KeyPress ended up being pretty easy to use and it's pretty flexible on what it's capable of so I highly recommend using it.  I haven't even used most of the chainability of buttons and combinations that are possible.

In addition to KeyPress and JQuery, I used a snippet of code from a Stack Overflow post.  It sets the canvas DPI correctly so that text and objects render crisply instead of blurry and then creates and returns the Hi DPI canvas.  It works very well and I haven't had to modify it at all.


Finally let's look at the last portion of the client side game code in game.js.  This file also contains the KeyPress handling as well but as we've already gone over that I'll skip over those sections.

At the top of the file are a bunch of variables and declarations to set up the game state.  Most of what we'll look at here can be summed up as:  game.js draws on the canvas based on which state the game is in.  If the game is playing or in a "GAME" state, it will use the game objects which get updated by pushes from the server to draw the game objects, otherwise it will draw various menus and text.

First we have the onload function for the window, where we create the Hi DPI canvas, append it to the game div and register our KeyPress handler.

The entry point for most actions in this script is updateCanvas, seen below.  Any time actions from the server need to update the UI, updateCanvas is called.  Depending on the state of the game, one of the many draw functions will be called.  

Many of these functions simply draw text in various places in the game, but we'll look specifically at drawPlayers which is called in drawGame on line 109.  Now, the way I built the server coordinate system was a traditional Cartesian Coordinate System, with up being the positive Y direction and right being the positive X axis, with (0,0) at the center of the game.  Canvas, however uses the top left corner as (0,0) with down being the positive Y direction, so I made the convert function to simply convert the server system to the client one, including a size multiplier to scale the graphics.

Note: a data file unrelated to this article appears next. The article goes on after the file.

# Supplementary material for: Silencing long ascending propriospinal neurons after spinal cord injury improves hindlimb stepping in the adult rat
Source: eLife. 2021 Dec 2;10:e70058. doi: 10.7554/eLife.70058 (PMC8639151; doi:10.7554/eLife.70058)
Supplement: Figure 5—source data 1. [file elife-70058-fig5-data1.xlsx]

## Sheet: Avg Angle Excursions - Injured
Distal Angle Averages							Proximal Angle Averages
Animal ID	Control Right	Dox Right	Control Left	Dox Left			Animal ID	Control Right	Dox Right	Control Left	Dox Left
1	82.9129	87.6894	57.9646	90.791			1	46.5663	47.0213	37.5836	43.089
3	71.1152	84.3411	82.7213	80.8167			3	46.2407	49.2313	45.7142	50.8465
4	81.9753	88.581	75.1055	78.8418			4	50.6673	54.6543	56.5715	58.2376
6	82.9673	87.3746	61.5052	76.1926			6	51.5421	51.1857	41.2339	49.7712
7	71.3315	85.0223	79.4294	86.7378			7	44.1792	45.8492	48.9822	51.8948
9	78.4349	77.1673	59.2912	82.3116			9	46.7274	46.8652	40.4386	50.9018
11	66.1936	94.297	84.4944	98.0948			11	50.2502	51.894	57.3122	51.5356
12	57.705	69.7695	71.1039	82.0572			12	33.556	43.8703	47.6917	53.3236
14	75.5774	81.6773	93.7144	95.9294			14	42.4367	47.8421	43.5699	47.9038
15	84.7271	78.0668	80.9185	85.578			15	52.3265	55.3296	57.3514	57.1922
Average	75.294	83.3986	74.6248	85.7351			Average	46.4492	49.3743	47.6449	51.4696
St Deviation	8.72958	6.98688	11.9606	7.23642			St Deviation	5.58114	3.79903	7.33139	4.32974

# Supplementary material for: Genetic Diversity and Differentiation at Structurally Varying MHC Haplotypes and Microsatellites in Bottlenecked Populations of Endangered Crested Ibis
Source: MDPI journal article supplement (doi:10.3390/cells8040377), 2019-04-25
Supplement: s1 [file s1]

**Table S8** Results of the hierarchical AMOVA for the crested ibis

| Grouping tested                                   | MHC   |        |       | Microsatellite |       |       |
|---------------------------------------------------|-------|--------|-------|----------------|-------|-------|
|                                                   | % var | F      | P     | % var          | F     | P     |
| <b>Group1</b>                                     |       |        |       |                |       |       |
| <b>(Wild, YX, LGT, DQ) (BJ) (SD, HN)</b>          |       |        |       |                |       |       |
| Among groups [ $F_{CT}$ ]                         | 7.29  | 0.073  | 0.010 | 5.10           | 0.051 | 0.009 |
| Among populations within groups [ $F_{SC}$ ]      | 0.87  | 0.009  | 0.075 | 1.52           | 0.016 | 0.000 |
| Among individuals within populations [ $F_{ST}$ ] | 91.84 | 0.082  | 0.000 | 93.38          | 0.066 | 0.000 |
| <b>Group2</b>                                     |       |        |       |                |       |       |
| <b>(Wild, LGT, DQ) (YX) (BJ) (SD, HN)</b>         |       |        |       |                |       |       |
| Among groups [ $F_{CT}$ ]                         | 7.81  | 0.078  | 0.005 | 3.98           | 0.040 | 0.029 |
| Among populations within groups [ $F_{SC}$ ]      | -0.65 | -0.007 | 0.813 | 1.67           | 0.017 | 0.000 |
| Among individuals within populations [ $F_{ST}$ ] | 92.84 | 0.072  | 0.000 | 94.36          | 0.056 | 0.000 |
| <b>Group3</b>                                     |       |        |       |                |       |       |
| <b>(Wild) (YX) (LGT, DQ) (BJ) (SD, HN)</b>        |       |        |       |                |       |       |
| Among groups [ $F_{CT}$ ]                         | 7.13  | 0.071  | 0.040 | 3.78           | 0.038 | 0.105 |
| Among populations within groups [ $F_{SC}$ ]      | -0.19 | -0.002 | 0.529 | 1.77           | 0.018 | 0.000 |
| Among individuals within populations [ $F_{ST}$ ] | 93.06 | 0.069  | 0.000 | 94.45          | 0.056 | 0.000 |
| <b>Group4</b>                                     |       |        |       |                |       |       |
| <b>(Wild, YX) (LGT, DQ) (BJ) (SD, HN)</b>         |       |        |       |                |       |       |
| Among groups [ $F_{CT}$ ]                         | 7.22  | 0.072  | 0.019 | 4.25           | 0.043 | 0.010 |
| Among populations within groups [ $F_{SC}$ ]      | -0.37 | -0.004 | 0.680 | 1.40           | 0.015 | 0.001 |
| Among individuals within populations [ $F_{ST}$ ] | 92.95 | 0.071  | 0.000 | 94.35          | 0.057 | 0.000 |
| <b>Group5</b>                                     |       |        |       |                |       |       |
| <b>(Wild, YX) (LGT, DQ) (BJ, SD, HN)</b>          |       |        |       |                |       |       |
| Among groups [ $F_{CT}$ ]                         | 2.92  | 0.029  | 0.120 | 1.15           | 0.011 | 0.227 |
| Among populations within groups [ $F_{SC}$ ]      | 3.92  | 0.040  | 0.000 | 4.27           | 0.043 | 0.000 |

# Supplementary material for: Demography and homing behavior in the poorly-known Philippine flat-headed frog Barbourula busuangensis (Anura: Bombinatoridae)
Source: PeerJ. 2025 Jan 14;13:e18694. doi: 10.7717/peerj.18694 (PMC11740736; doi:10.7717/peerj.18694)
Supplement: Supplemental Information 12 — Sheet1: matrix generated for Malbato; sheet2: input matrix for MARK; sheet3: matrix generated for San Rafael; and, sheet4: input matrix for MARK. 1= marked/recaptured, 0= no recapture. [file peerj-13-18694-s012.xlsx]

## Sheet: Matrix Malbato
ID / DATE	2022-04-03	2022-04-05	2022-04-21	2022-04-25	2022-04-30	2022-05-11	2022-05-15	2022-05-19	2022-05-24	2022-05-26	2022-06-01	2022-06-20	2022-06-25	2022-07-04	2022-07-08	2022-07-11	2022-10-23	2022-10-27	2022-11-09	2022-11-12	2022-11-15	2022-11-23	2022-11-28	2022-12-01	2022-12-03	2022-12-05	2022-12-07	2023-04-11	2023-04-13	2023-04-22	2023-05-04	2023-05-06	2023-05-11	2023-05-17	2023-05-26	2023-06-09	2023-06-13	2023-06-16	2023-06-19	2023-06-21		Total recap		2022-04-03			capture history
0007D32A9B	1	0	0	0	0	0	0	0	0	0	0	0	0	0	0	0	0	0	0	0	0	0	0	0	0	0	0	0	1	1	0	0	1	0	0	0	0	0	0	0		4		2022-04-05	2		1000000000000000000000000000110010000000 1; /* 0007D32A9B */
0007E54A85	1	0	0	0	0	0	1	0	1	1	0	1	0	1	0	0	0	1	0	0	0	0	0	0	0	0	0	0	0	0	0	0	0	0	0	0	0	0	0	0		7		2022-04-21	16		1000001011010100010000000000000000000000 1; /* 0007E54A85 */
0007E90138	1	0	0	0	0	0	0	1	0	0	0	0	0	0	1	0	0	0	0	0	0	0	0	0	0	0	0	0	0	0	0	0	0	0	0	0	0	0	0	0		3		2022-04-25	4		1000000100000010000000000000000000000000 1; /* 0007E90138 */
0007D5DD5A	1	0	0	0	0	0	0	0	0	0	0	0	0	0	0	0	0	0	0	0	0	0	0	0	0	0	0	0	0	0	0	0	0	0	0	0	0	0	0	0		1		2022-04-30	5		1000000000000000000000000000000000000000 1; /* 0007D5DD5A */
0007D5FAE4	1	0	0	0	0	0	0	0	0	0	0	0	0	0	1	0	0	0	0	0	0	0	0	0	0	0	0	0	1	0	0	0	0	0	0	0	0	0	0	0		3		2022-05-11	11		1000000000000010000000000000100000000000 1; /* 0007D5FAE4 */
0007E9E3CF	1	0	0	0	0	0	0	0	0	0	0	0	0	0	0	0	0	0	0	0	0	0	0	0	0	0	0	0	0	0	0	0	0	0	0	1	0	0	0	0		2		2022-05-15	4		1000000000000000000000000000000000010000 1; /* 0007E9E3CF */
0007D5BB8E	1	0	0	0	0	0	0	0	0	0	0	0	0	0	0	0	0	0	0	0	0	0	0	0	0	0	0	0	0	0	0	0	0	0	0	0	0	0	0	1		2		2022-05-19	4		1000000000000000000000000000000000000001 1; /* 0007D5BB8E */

The drawPlayers function uses convert to iterate through all four players and update the rectangle based on the bounding box coordinates received from the server.

Drawing the ball works very similarly and the rest of the draw functions simply are used for menus and text, which should be easy to understand and read through.  That's pretty much the entirety of the client side, it's fairly simple as it's mostly just getting positional updates from the server, sending player action updates to the server, and rendering the game out for the player to see.  Plus all of the objects in the game are basic geometric shapes.

So feel free to pull down the source code and play with it and extend the game or use it to make your own game.  You can view it all on my GitHub here:

Thanks for reading and that's all I have!  The three part series on my little NodeJS side project is concluded.